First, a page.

Another “safe haven”?

Look at what happened to another “safe haven” investment …

How safe is your PF money?

Very often, investors think something is safe so long as nothing wrong happens. And then, it is already too late.

I wrote in the book the following line: “We do not perceive risks when things go right and by the time we do, it is too late”

#RidingTheRollerCoaster – 221

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Dhanlaxmi Bank defaults on interest payment on bonds

This is the first time investors in India have had to forgo interest on a bank capital instrument. We view this as a positive development for a system with a high expectation of support for banks and where moral hazard has developed around the assumption that support could be extended to regulatory capital instruments.

Fitch Press Release

In July this year, Dhanlaxmi Bank defaulted on interest payment on its subordinated debt papers.

This is probably for the first time that such an event has taken place in India. This indicates that even the banks could be vulnerable. The so called safe haven is no longer absolutely safe.

The troubles at Dhanlaxmi Bank started a few years ago when first the top management decided to leave the bank after disagreements with the board on the investment required for growth and then some frauds at the bank.

#CreditDefault

#RidingTheRollerCoaster – 219

Real estate investment or loan to builder?

In a recent development, the real estate firm Unitech was asked by the Supreme Court to refund the money to home buyers for failing to deliver the homes as per the schedule.

However, the firm’s lawyer told the Court that the firm has no money to refund to the home buyers. (See the news).

Many home buyers probably wanted to buy a home to live in, but some might be buying the property for investment. Having said that, this was a classic case of not understanding the risk one was taking. While these buyers were buying property, the investment would be considered an investment in real estate only after the said property is constructed, all legal approvals are taken and the possession given to these home buyers. Till that time, it was akin to a loan to the builder. If the broker defaulted on the commitment, getting the money back would take looooong time.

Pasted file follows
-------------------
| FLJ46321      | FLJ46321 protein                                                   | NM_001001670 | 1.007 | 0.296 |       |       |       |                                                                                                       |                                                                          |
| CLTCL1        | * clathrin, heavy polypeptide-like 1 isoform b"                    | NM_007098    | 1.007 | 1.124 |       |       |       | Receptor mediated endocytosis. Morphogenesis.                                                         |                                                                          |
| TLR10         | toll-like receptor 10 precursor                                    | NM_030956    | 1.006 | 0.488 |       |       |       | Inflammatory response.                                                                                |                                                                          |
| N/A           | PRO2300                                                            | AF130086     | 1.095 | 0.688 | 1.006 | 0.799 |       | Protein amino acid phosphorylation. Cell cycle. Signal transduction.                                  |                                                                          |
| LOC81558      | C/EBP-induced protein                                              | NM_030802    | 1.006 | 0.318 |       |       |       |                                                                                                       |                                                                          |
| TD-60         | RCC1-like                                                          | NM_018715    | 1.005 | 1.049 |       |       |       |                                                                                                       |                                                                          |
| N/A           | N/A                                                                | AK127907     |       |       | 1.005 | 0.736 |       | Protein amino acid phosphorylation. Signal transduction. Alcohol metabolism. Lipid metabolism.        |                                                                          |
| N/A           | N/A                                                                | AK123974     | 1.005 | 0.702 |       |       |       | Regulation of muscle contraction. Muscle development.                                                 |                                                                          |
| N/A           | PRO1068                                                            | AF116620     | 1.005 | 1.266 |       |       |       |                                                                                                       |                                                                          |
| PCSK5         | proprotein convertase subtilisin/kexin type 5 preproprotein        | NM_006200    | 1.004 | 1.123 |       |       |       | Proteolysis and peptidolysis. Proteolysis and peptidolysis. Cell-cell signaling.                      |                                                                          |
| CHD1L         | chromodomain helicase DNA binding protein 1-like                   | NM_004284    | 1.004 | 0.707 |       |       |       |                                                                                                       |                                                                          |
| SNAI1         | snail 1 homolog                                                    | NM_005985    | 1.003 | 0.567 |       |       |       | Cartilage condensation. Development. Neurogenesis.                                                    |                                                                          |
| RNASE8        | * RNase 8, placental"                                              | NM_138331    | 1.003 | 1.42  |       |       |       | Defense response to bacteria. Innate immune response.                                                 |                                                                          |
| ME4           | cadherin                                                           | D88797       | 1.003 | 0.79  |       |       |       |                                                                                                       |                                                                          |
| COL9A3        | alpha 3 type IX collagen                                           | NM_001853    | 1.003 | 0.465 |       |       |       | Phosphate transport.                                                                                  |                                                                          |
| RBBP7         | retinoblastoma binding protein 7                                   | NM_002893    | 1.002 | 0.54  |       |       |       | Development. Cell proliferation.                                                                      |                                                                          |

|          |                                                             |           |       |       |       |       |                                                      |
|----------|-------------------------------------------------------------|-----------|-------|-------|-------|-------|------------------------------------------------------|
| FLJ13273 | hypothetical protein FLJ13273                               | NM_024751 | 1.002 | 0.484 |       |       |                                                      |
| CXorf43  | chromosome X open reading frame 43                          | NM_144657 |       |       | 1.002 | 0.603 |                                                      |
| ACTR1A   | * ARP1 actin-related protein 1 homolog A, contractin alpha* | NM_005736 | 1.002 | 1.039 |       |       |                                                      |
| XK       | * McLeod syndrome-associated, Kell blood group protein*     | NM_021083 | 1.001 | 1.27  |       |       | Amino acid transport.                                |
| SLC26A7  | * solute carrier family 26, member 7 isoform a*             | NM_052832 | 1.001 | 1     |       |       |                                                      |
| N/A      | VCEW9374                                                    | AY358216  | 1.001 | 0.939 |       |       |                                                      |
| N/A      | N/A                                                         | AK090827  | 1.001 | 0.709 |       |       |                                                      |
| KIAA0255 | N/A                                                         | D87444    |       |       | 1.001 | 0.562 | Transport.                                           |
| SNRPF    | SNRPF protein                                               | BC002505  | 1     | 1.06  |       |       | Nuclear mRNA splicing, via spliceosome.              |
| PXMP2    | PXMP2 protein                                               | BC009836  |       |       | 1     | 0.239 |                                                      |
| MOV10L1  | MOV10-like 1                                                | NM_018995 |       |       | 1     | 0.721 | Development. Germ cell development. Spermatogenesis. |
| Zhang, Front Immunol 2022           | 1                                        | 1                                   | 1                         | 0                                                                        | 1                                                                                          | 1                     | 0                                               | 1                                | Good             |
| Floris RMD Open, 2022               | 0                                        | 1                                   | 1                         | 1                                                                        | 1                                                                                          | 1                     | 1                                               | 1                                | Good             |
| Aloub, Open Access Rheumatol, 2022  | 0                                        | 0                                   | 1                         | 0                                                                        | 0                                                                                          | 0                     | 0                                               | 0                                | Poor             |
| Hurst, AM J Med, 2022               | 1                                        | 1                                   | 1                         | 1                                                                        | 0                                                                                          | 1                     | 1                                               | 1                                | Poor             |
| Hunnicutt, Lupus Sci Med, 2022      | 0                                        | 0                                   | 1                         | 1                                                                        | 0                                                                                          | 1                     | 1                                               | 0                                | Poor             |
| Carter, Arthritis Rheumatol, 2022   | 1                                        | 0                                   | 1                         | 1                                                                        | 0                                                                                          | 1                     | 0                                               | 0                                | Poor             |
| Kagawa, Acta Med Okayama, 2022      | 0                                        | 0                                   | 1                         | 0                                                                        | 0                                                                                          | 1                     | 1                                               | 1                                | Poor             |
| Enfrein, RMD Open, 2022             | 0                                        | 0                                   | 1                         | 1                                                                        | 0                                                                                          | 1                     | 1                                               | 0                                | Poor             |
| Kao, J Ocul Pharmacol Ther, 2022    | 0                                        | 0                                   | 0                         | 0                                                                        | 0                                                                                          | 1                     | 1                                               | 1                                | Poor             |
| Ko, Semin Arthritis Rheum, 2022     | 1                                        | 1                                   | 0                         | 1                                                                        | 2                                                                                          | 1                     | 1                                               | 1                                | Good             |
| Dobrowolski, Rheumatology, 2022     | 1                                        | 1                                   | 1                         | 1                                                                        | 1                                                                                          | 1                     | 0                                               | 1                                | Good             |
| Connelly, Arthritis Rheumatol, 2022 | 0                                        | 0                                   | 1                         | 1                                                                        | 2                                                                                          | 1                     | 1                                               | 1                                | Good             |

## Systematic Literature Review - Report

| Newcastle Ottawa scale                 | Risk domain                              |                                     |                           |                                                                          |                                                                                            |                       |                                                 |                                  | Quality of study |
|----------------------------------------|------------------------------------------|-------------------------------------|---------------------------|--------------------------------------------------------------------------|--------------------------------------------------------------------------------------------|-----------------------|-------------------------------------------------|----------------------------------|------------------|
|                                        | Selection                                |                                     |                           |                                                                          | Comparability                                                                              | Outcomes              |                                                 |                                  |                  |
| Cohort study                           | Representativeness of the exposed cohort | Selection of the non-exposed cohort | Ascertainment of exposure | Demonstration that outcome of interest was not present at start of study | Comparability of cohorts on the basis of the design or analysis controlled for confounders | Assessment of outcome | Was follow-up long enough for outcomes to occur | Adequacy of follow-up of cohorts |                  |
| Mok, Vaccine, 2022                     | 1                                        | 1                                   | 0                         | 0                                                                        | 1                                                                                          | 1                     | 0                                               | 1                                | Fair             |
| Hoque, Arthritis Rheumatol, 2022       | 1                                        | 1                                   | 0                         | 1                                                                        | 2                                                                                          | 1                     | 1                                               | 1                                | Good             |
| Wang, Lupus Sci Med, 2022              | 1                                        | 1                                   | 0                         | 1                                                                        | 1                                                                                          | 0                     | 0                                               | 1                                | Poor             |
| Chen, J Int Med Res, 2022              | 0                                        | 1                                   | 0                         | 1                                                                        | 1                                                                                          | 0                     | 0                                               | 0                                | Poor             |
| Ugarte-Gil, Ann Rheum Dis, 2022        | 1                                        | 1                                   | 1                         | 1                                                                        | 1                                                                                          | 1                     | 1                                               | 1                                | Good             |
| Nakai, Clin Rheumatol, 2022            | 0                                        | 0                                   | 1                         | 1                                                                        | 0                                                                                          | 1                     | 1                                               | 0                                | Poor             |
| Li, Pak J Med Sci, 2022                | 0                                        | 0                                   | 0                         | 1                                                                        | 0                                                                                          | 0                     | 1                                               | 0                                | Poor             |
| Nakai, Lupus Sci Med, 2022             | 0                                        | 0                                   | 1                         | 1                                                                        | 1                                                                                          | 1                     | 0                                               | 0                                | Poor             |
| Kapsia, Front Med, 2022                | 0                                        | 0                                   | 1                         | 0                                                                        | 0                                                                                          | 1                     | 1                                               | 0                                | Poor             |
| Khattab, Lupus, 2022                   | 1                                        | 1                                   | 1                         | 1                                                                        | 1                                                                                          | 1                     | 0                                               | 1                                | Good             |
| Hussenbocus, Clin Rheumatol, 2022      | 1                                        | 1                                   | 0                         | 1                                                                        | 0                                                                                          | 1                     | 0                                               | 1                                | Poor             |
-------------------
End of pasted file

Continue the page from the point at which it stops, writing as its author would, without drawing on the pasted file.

Here is a paragraph from the book:

Investors investing in “under-construction” properties are taking a credit risk by making payments to builders. Very often, they consider the property as their security. However, a property, yet not constructed, cannot be considered as a property. Someone would be required to complete the construction, whereas the builder has already got the money, and the chances are, already used it.

This is evident in the Unitech case going by the argument of their counsel. The company has no money to refund, which means the money the home buyers paid to the firm has been used already.

It is important for one to understand the risks associated before signing the cheque.

#RidingTheRollerCoaster – 218

Is it really Greek and Latin? Or is it just a game of musical chairs?

“The adoption of a common currency by these countries in 1999 (Greece followed in 2001) led to convergence of interest rates across the continent. Traders no longer discriminated between the euro liabilities of different Eurozone governments, believing that not only currency risks but also the credit risks that had once distinguished well-managed European economies from those with unstable public finances had been eliminated. …

… By 2007, yields on Greek government bonds were barely higher than those on equivalent German bonds. Several states, including Greece, took advantage of what appeared to be inexhaustible supplies of credit at low rates. …

… As European banks struggled with the global financial crisis, the quality of their assets was viewed more sceptically. Credit risks were appraised much more carefully, and interest rate differentials across the Eurozone widened again. Greek bonds appeared less attractive, as interest rates rose and the refinancing of Greek credit became more difficult. The country effectively defaulted on its debts in 2011.”

This is an excerpt from the book “Other People’s Money – Masters of the universe or servants of the people” written by John Kay.

The Greece government was playing the game of musical chairs. As we wrote in the book, “Riding The Roller Coaster – Lessons from financial market cycles we repeatedly forget”, liquidity was the music in this game. The only difference is when the music of liquidity stops, there are no chairs to be found.

Rolling the credit over and over again is a dangerous game. So long as the liquidity is abundantly available and at cheap rates, the game continues. A few victories in this game makes one believe that one is skillful. However, history is replete with examples of disasters when the music stops.

#RidingTheRollerCoaster – 165

Understand the risk you are taking